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  • Tausif Mulla

Health and beauty products are evolving to meet the needs of older consumers

As time goes by, life expectancy is increasing. Aging populations are a result of longer lifespans and fewer births.

As of 2018, older people (over 65s) outnumbered younger ones (under 5) worldwide for the first time. In recent years, the population has been trending in this direction, but the trend has accelerated recently due to economic uncertainty caused by COVID-19. According to the United Nations, more than 20% of people will be over the age of 65 in 44 countries by 2030. This was already the case in 15 countries by 2020. This is a dramatic shift from the current status quo where many countries have populations that are aging quickly due to their low birth rates and high life expectancies.

Keeping healthy in later life is becoming more important as populations age. This need has been spotlighted by the harm the pandemic has caused to older populations.

Older consumers driving demand

Photo by Anna Shvets from Pexels

Brands are taking note

With a growing aging population and medical advances, the healthcare industry is a booming market. In an effort to meet the growing needs of this market segment, many companies are launching health-related products. Additionally, firms today are shifting their focus from designing products that help people recover from injury (as in a hospital setting) to designing products aimed at preventing illness before it occurs.

For instance, a new whey protein drink from Danone is intended to aid muscles, joints, and bones. Similarly, Nestle launched a powdered milk drink intended to promote mobility in aging people. The Reckitt-Benckiser Group, makers of infant formula Enfamil, has released a milk drink aimed at boosting old people's immune systems. Covid-19 concerns have led to a growing Chinese market for such products valued at almost $700 million.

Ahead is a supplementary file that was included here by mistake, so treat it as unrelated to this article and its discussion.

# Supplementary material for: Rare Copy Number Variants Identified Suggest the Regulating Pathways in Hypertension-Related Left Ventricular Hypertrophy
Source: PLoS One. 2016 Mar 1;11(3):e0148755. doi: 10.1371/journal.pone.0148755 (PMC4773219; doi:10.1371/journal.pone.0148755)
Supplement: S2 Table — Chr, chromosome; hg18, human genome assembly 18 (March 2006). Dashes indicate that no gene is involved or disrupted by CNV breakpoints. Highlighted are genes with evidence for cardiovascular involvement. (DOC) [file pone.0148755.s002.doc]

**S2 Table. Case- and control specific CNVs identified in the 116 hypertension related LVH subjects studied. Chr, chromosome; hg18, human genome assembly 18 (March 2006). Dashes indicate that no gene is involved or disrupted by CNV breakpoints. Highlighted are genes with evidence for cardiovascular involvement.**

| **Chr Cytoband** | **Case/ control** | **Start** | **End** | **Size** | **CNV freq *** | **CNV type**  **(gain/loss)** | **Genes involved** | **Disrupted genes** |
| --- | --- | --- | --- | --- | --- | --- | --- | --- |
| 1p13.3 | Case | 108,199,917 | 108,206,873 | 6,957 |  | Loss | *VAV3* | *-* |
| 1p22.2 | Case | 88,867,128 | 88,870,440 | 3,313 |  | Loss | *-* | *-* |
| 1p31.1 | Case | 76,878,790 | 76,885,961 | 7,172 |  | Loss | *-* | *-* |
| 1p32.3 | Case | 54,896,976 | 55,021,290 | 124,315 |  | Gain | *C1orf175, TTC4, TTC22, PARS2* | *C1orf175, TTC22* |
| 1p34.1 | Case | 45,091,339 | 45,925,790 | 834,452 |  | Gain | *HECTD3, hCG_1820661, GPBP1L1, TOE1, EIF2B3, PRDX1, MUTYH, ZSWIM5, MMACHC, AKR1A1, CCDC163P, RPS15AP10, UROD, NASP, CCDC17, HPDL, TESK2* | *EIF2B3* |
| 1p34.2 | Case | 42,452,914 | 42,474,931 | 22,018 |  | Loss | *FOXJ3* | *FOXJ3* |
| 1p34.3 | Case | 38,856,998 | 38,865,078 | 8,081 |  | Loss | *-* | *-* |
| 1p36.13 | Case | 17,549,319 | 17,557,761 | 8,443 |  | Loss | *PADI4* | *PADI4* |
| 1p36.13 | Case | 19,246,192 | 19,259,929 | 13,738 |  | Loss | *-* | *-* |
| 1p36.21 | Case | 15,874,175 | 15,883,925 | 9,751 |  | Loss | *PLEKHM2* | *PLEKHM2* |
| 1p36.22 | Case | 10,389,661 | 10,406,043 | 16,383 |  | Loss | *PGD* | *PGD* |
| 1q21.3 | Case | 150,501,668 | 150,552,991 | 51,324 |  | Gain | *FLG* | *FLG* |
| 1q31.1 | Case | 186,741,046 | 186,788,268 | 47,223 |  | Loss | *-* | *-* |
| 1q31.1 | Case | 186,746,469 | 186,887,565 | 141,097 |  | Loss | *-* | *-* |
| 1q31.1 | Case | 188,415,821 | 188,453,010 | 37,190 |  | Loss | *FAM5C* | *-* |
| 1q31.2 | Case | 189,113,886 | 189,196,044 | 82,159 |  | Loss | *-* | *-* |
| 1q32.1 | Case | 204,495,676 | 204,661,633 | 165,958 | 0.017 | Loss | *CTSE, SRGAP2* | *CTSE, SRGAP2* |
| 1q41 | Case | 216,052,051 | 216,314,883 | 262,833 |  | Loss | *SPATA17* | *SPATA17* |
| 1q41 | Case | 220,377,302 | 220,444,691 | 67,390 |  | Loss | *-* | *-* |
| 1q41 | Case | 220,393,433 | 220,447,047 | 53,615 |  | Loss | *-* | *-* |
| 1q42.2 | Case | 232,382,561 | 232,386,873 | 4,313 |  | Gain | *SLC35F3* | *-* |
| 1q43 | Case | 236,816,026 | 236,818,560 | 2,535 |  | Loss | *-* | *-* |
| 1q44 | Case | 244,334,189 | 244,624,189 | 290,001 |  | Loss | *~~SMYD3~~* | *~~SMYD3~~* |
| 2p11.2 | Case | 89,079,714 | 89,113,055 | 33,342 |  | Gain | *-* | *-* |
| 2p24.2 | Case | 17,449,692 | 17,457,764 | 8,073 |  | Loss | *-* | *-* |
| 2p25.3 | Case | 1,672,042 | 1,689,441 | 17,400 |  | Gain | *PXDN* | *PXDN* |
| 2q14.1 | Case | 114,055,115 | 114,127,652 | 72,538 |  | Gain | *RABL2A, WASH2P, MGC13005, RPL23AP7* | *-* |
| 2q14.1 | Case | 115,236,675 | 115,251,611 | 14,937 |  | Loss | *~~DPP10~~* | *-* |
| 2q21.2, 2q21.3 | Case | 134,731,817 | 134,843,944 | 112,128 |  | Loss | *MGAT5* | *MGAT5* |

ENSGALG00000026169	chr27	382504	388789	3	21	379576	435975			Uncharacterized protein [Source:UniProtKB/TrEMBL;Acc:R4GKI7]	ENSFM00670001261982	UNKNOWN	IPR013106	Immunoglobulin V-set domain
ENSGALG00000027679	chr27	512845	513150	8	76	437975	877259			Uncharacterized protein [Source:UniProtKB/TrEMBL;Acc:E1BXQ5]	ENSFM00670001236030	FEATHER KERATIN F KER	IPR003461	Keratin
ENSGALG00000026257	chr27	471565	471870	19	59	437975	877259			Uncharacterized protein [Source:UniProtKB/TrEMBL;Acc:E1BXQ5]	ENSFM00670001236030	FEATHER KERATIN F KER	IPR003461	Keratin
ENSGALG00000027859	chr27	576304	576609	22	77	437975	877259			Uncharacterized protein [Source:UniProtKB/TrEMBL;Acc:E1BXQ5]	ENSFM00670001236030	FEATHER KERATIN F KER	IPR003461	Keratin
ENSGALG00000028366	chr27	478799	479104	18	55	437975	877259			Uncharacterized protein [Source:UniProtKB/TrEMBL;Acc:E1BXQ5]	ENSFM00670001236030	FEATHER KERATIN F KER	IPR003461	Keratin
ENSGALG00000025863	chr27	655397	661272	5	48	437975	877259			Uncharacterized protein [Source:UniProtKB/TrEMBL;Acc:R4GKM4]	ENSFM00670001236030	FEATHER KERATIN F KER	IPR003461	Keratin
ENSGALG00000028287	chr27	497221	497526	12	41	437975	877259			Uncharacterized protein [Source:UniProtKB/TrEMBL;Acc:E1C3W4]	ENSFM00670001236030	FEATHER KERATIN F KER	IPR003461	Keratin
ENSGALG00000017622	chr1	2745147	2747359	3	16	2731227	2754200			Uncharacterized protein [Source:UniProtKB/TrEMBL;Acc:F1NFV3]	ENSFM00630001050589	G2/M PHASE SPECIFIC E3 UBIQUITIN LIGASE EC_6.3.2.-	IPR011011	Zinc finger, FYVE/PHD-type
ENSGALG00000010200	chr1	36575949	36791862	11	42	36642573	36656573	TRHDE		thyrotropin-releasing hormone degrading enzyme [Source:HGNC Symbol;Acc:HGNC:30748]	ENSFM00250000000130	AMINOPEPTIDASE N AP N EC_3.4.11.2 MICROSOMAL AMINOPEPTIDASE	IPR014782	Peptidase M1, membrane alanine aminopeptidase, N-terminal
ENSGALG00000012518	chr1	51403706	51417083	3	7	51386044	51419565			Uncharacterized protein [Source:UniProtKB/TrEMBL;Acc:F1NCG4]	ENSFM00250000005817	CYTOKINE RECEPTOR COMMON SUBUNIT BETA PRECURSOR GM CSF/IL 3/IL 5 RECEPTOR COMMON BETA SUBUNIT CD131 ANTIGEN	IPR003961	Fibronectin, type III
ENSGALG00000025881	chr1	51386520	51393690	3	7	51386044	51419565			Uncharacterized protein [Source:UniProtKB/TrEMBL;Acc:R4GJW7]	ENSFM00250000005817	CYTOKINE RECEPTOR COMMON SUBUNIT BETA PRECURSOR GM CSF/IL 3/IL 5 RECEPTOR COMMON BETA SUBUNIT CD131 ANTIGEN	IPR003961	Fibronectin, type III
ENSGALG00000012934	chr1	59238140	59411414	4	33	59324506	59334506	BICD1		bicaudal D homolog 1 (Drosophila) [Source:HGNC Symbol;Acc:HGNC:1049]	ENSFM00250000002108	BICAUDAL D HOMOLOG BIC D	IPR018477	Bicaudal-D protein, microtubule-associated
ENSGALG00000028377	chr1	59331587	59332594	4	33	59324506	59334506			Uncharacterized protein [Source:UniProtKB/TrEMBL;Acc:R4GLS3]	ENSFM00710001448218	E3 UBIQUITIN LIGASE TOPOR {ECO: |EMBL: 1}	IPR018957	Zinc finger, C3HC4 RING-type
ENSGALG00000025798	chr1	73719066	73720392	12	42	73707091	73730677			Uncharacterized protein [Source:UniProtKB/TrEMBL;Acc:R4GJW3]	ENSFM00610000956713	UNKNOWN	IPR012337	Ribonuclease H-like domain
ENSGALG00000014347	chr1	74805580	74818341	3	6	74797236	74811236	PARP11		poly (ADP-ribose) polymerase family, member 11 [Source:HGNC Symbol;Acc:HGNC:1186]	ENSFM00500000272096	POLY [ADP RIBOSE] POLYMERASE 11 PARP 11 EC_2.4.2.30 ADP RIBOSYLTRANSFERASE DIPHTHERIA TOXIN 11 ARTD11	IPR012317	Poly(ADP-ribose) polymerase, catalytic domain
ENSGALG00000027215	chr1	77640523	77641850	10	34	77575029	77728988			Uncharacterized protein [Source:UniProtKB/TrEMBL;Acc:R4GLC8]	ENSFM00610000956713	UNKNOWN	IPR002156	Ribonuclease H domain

Investing in research is a key part of these companies' product development. As part of its research into nutrition and cognition, Danone has set up a healthy-aging unit and Nestle devotes 20% of its Health Science research budget to the study of aging.

Food companies are not the only ones looking to appeal to an aging population. The Swedish furniture giant, IKEA, now offers chairs, footstools, and kitchen products that are designed for people with lower mobility and strength. Similarly, Procter & Gamble and Gillette Treo both provide safety razors as well as other grooming tools designed for elderly patients.

Health and beauty go hand in hand

While the baby boomer generation is retiring and shifting to a more leisurely lifestyle, many are also experiencing significant cognitive and mobility losses. As a result, companies like Estee Lauder and L'Oreal Paris have been developing products that address both these issues while still catering to consumers that prefer to age gracefully.

Consumers over the age of 65 tend to spend more, which makes them an attractive demographic. For instance, compared to younger women, older women in France spend an average of $223 on cosmetics per year, as opposed to $120 spent by younger women (Source: WSJ). Increasingly, companies are offering anti-aging products to a younger audience in addition to the elderly, since many younger people are looking to prevent the effects of aging before they become old. A large segment of the market is concentrated in China.

In its effort to market a lotion that reverses the signs of aging, Colgate in China used celebrity bloggers and social media apps to reach young people. Moreover, Colgate reported, 80% of its Miracle Repair buyers in China were younger than 30.

Don't label older consumers as old

Aging is a natural process of life. It is something that affects every single person, no matter what the age bracket is. We are all getting older at some point in our lives, but one thing that has to be clear when it comes to this process is the fact that brands should stop labeling people as old.

In recent times, businesses have become hesitant to market their products specifically to the elderly. In IKEA, products are labeled specifically for people with different abilities, rather than for older people. Rather than being differentiated as 'older,' the company wants older consumers to perceive their features as natural parts of product design.

Final thoughts

Older generations are responsible for the recent surge in consumption. The latest census data shows that they make up more than one in five consumers in the United States. However, they are not simply spending money on products made by other older people but buying goods and services from businesses catering to their needs.

The baby boomer generation is officially the largest living population segment in America yet they are also among the most ignored when it comes to marketing. That’s because marketers have always assumed that older consumers are set in their ways with limited disposable income, which is why they don't spend much time trying to understand them or figure out how to market to them effectively.

But times have changed and so has this generation of retirees.

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